MR. SULLIVAN: The crab fishery?

MR. W. MATTHEWS: No, the total.

MR. SULLIVAN: In the fishery, 212 (inaudible).

MR. W. MATTHEWS: I am sorry?

MR. DUMARESQUE: Laughing rocks.

MR. W. MATTHEWS: Laughing rockets?



MR. DUMARESQUE: (Inaudible) little fellow got them (inaudible).

MR. W. MATTHEWS: Yes, and I am going to tell you, I know who plays with it most. It is not the little fellow, I say to the Member for Eagle River, who plays with a laughing rock. It is not the little fellow.

Government has a responsibility to ensure that all citizens benefit to the highest and fairest extent from resources owned in common - no doubt.

AN HON. MEMBER: Is Bud light going to speak on this?

MR. W. MATTHEWS: Bud light? Light Bud - not Bud light, light Bud.

BE IT THEREFORE RESOLVED that the government ensure that our fish resource is managed to provide the highest level of employment through maximum local processing where practical. That means in-Province, I guess.

MR. DUMARESQUE: (Inaudible).

MR. W. MATTHEWS: I am talking to the Member for Pleasantville, I say to the Member for Eagle River. I am trying to understand his resolution. I want to understand where the member is coming from.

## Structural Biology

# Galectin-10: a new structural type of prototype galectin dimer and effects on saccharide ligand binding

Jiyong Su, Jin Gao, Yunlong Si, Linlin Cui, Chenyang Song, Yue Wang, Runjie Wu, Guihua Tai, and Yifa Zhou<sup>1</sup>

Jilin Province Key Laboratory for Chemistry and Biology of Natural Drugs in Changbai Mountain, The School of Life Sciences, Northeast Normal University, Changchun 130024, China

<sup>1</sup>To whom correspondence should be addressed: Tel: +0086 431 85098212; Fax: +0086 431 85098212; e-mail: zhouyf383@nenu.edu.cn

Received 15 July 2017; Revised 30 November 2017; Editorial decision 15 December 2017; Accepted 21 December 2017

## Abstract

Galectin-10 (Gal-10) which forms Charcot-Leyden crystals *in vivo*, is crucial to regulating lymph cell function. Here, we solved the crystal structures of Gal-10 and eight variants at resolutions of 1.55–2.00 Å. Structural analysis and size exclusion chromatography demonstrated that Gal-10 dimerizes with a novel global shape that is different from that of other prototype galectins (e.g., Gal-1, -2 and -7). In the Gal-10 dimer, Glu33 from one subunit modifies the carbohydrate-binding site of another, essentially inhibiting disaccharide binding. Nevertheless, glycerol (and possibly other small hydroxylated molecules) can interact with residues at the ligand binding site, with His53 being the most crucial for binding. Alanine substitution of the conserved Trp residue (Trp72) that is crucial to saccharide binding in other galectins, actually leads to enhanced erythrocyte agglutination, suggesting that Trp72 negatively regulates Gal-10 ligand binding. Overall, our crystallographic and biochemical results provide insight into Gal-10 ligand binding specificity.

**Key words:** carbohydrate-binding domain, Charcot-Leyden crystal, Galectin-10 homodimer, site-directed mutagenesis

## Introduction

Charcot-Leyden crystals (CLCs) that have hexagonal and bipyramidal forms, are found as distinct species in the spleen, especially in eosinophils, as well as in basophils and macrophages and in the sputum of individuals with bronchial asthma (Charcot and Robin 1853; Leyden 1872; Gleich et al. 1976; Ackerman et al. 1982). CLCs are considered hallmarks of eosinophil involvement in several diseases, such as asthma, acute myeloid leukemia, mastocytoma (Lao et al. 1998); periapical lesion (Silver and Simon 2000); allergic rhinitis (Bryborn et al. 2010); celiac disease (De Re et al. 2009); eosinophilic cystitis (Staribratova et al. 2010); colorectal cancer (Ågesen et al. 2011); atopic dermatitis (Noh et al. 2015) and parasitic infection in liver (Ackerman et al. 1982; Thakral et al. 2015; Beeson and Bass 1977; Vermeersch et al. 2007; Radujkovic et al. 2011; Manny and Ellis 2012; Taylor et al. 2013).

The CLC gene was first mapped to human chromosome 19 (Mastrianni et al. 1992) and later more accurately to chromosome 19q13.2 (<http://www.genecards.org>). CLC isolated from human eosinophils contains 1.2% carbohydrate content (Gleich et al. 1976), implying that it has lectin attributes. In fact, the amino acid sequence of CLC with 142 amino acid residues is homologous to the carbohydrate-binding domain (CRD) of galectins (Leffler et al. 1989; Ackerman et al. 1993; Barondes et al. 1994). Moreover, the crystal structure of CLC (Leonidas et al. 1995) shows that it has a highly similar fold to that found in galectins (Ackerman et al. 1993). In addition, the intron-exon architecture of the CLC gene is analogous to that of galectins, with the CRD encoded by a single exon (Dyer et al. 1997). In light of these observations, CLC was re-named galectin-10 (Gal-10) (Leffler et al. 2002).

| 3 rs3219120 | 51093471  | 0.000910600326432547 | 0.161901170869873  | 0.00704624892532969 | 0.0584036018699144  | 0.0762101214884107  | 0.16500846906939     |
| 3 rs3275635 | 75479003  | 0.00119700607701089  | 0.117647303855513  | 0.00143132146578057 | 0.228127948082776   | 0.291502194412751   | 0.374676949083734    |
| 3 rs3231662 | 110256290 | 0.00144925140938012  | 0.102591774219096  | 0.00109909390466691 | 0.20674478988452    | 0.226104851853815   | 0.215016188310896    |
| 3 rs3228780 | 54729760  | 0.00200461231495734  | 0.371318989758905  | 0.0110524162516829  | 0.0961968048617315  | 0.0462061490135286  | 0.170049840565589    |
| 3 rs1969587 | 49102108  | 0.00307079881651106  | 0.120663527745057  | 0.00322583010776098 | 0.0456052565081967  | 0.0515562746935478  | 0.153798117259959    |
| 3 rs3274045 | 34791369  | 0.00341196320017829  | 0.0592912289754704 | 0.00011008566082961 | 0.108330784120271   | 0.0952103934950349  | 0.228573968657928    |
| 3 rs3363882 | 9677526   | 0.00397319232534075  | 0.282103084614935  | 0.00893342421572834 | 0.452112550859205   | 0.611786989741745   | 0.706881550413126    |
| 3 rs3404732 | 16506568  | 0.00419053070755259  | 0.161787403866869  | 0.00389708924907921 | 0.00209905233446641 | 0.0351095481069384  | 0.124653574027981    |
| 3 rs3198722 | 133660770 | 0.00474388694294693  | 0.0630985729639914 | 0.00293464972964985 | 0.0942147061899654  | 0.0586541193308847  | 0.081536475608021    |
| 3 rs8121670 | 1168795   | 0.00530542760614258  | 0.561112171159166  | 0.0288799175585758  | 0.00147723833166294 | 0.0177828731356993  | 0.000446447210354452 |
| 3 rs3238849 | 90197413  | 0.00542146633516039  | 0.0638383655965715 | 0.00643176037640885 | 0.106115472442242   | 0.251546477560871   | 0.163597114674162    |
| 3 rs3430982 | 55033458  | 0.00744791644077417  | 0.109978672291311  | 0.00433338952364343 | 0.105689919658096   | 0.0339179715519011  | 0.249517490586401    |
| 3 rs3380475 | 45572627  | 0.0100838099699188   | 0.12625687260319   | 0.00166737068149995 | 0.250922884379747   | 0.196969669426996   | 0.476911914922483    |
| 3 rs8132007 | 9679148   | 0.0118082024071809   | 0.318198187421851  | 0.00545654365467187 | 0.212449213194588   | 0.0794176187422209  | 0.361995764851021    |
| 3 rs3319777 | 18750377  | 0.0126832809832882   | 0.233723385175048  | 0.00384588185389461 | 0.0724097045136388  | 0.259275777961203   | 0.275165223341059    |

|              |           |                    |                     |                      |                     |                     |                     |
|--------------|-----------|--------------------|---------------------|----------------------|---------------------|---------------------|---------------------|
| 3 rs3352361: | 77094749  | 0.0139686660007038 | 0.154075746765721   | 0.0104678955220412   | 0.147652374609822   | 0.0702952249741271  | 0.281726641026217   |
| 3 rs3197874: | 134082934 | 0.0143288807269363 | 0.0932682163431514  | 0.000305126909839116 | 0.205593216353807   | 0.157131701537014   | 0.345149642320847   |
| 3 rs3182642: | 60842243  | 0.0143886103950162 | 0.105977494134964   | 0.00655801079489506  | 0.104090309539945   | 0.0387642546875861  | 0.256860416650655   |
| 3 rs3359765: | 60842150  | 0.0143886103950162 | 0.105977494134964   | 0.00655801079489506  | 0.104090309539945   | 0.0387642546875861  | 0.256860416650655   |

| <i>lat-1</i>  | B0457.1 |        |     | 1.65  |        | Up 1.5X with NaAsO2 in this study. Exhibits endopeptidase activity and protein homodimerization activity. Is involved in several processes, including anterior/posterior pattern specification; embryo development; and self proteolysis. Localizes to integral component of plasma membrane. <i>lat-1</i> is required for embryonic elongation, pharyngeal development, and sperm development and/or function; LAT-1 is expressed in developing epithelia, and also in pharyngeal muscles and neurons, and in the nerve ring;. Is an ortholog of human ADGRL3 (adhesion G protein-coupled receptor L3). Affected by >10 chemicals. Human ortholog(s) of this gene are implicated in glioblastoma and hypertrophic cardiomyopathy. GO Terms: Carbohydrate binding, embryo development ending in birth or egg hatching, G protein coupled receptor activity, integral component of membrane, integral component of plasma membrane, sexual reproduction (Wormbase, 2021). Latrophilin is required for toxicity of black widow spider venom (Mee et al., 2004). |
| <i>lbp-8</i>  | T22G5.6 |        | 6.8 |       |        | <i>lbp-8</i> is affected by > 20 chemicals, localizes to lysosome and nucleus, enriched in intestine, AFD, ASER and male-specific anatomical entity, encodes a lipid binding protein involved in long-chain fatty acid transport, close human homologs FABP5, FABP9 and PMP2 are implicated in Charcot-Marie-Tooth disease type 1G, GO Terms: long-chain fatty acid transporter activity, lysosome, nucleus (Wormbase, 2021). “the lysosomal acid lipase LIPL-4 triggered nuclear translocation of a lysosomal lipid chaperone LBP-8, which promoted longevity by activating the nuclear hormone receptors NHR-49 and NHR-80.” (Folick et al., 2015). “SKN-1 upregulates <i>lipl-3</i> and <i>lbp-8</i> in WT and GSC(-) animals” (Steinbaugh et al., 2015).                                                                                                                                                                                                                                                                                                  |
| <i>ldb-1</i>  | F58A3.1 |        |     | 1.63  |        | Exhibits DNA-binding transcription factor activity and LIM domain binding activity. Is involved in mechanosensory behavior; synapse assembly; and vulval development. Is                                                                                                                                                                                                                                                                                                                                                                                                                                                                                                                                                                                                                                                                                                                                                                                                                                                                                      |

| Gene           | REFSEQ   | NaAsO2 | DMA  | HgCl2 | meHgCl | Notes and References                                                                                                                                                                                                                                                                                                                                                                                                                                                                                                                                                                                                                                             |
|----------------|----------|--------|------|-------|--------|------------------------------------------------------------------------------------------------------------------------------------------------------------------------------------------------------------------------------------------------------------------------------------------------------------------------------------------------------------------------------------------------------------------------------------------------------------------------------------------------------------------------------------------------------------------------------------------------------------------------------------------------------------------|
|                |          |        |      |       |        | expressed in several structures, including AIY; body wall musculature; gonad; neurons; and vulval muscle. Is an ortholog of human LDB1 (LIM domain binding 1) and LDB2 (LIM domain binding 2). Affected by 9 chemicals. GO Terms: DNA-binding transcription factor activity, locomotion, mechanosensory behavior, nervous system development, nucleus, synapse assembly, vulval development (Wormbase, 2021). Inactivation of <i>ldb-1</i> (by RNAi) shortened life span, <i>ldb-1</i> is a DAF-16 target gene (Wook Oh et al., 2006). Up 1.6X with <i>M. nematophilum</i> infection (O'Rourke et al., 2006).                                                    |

MR. DUMARESQUE: Give us an idea if you have one.

MR. W. MATTHEWS: I do have an idea, I say to the Member for Eagle River, but I wouldn't be permitted to express it here; it would be unparliamentary - about the hon. member, that is.

The member has concern, a concern that I have expressed for years, by the way, about fish products in raw form - a more raw form than it should be exported in - going out of this Province, where I thought we had an opportunity to value add and create jobs, so I agree with the Member for Pleasantville on that aspect. It is something I have advocated for years. We have shipped too many jobs out of this Province - too many jobs - and the hon. member believes that we are doing the same thing now with the crab fishery, I believe; he believes that. Now, there are those who will counter the argument. Those who are involved in the industry, processors, fishermen, the union, are sort of all on the same wavelength when it comes to this. The Member for Pleasantville thinks they are in cahoots, now, whatever that means - cahoots. To me, cahoots means like it is almost for a common cause that is not really -

MR. NOEL: Their own cause rather than (inaudible).

MR. W. MATTHEWS: Okay, their own cause rather than the cause of the common good.